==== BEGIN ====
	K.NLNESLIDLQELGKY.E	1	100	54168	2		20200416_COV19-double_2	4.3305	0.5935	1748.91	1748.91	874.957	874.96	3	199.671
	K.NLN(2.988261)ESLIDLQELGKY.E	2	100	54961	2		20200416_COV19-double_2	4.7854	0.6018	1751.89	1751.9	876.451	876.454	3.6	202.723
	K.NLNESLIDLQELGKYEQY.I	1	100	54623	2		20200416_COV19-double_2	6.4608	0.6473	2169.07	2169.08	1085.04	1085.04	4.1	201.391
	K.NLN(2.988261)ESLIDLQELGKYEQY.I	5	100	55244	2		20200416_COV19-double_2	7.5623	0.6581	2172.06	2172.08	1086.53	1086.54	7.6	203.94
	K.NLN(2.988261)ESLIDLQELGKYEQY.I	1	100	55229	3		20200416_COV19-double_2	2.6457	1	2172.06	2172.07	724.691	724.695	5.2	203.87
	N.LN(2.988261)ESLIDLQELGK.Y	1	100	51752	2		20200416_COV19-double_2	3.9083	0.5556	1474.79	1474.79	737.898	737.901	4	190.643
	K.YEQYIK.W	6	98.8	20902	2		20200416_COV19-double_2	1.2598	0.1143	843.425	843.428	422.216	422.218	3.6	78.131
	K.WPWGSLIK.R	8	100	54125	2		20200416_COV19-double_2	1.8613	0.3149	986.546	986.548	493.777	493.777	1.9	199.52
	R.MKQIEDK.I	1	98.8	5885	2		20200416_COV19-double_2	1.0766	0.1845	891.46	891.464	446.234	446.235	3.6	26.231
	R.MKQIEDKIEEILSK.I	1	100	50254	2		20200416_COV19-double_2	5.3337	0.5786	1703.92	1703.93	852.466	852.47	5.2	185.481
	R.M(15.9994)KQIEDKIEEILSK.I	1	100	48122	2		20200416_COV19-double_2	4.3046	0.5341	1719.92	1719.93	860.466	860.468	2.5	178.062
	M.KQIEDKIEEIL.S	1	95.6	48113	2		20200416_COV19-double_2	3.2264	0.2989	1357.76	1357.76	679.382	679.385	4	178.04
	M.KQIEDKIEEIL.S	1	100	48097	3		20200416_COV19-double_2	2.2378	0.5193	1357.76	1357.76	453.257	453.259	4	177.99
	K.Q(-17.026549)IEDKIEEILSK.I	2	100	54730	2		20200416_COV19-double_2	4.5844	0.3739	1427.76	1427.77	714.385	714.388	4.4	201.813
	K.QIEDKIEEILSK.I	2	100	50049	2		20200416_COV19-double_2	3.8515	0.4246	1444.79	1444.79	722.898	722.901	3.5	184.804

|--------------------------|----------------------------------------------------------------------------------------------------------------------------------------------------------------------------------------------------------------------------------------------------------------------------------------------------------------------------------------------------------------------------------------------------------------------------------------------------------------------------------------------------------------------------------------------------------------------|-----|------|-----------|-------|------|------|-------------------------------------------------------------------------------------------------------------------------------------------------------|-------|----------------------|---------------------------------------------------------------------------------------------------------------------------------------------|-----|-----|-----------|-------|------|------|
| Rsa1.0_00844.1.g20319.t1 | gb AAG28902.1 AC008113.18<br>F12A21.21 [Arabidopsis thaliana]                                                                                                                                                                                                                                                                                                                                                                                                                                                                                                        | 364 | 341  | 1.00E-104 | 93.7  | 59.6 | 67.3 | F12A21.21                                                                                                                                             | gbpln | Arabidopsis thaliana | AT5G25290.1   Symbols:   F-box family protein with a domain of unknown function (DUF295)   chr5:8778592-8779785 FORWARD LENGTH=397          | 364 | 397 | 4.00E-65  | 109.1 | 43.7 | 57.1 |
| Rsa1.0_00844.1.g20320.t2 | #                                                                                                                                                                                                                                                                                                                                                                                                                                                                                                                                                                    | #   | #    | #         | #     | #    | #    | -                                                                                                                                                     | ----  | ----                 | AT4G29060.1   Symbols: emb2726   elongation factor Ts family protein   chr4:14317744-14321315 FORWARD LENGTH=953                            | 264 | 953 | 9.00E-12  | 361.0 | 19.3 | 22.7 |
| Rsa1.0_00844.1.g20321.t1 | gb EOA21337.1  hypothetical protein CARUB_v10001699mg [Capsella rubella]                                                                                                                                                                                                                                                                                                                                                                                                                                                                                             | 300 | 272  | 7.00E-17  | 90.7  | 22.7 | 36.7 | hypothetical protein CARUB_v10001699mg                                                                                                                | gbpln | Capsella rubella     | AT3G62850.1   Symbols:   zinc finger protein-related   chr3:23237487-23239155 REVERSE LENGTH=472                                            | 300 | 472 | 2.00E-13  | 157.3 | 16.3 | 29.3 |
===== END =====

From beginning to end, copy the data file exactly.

	K.NLNESLIDLQELGKY.E	1	100	54168	2		20200416_COV19-double_2	4.3305	0.5935	1748.91	1748.91	874.957	874.96	3	199.671
	K.NLN(2.988261)ESLIDLQELGKY.E	2	100	54961	2		20200416_COV19-double_2	4.7854	0.6018	1751.89	1751.9	876.451	876.454	3.6	202.723
	K.NLNESLIDLQELGKYEQY.I	1	100	54623	2		20200416_COV19-double_2	6.4608	0.6473	2169.07	2169.08	1085.04	1085.04	4.1	201.391
	K.NLN(2.988261)ESLIDLQELGKYEQY.I	5	100	55244	2		20200416_COV19-double_2	7.5623	0.6581	2172.06	2172.08	1086.53	1086.54	7.6	203.94
	K.NLN(2.988261)ESLIDLQELGKYEQY.I	1	100	55229	3		20200416_COV19-double_2	2.6457	1	2172.06	2172.07	724.691	724.695	5.2	203.87
	N.LN(2.988261)ESLIDLQELGK.Y	1	100	51752	2		20200416_COV19-double_2	3.9083	0.5556	1474.79	1474.79	737.898	737.901	4	190.643
	K.YEQYIK.W	6	98.8	20902	2		20200416_COV19-double_2	1.2598	0.1143	843.425	843.428	422.216	422.218	3.6	78.131
	K.WPWGSLIK.R	8	100	54125	2		20200416_COV19-double_2	1.8613	0.3149	986.546	986.548	493.777	493.777	1.9	199.52
	R.MKQIEDK.I	1	98.8	5885	2		20200416_COV19-double_2	1.0766	0.1845	891.46	891.464	446.234	446.235	3.6	26.231
	R.MKQIEDKIEEILSK.I	1	100	50254	2		20200416_COV19-double_2	5.3337	0.5786	1703.92	1703.93	852.466	852.47	5.2	185.481
	R.M(15.9994)KQIEDKIEEILSK.I	1	100	48122	2		20200416_COV19-double_2	4.3046	0.5341	1719.92	1719.93	860.466	860.468	2.5	178.062
	M.KQIEDKIEEIL.S	1	95.6	48113	2		20200416_COV19-double_2	3.2264	0.2989	1357.76	1357.76	679.382	679.385	4	178.04
	M.KQIEDKIEEIL.S	1	100	48097	3		20200416_COV19-double_2	2.2378	0.5193	1357.76	1357.76	453.257	453.259	4	177.99
	K.Q(-17.026549)IEDKIEEILSK.I	2	100	54730	2		20200416_COV19-double_2	4.5844	0.3739	1427.76	1427.77	714.385	714.388	4.4	201.813
	K.QIEDKIEEILSK.I	2	100	50049	2		20200416_COV19-double_2	3.8515	0.4246	1444.79	1444.79	722.898	722.901	3.5	184.804

|--------------------------|----------------------------------------------------------------------------------------------------------------------------------------------------------------------------------------------------------------------------------------------------------------------------------------------------------------------------------------------------------------------------------------------------------------------------------------------------------------------------------------------------------------------------------------------------------------------|-----|------|-----------|-------|------|------|-------------------------------------------------------------------------------------------------------------------------------------------------------|-------|----------------------|---------------------------------------------------------------------------------------------------------------------------------------------|-----|-----|-----------|-------|------|------|
| Rsa1.0_00844.1.g20319.t1 | gb AAG28902.1 AC008113.18<br>F12A21.21 [Arabidopsis thaliana]                                                                                                                                                                                                                                                                                                                                                                                                                                                                                                        | 364 | 341  | 1.00E-104 | 93.7  | 59.6 | 67.3 | F12A21.21                                                                                                                                             | gbpln | Arabidopsis thaliana | AT5G25290.1   Symbols:   F-box family protein with a domain of unknown function (DUF295)   chr5:8778592-8779785 FORWARD LENGTH=397          | 364 | 397 | 4.00E-65  | 109.1 | 43.7 | 57.1 |
| Rsa1.0_00844.1.g20320.t2 | #                                                                                                                                                                                                                                                                                                                                                                                                                                                                                                                                                                    | #   | #    | #         | #     | #    | #    | -                                                                                                                                                     | ----  | ----                 | AT4G29060.1   Symbols: emb2726   elongation factor Ts family protein   chr4:14317744-14321315 FORWARD LENGTH=953                            | 264 | 953 | 9.00E-12  | 361.0 | 19.3 | 22.7 |
| Rsa1.0_00844.1.g20321.t1 | gb EOA21337.1  hypothetical protein CARUB_v10001699mg [Capsella rubella]                                                                                                                                                                                                                                                                                                                                                                                                                                                                                             | 300 | 272  | 7.00E-17  | 90.7  | 22.7 | 36.7 | hypothetical protein CARUB_v10001699mg                                                                                                                | gbpln | Capsella rubella     | AT3G62850.1   Symbols:   zinc finger protein-related   chr3:23237487-23239155 REVERSE LENGTH=472                                            | 300 | 472 | 2.00E-13  | 157.3 | 16.3 | 29.3 |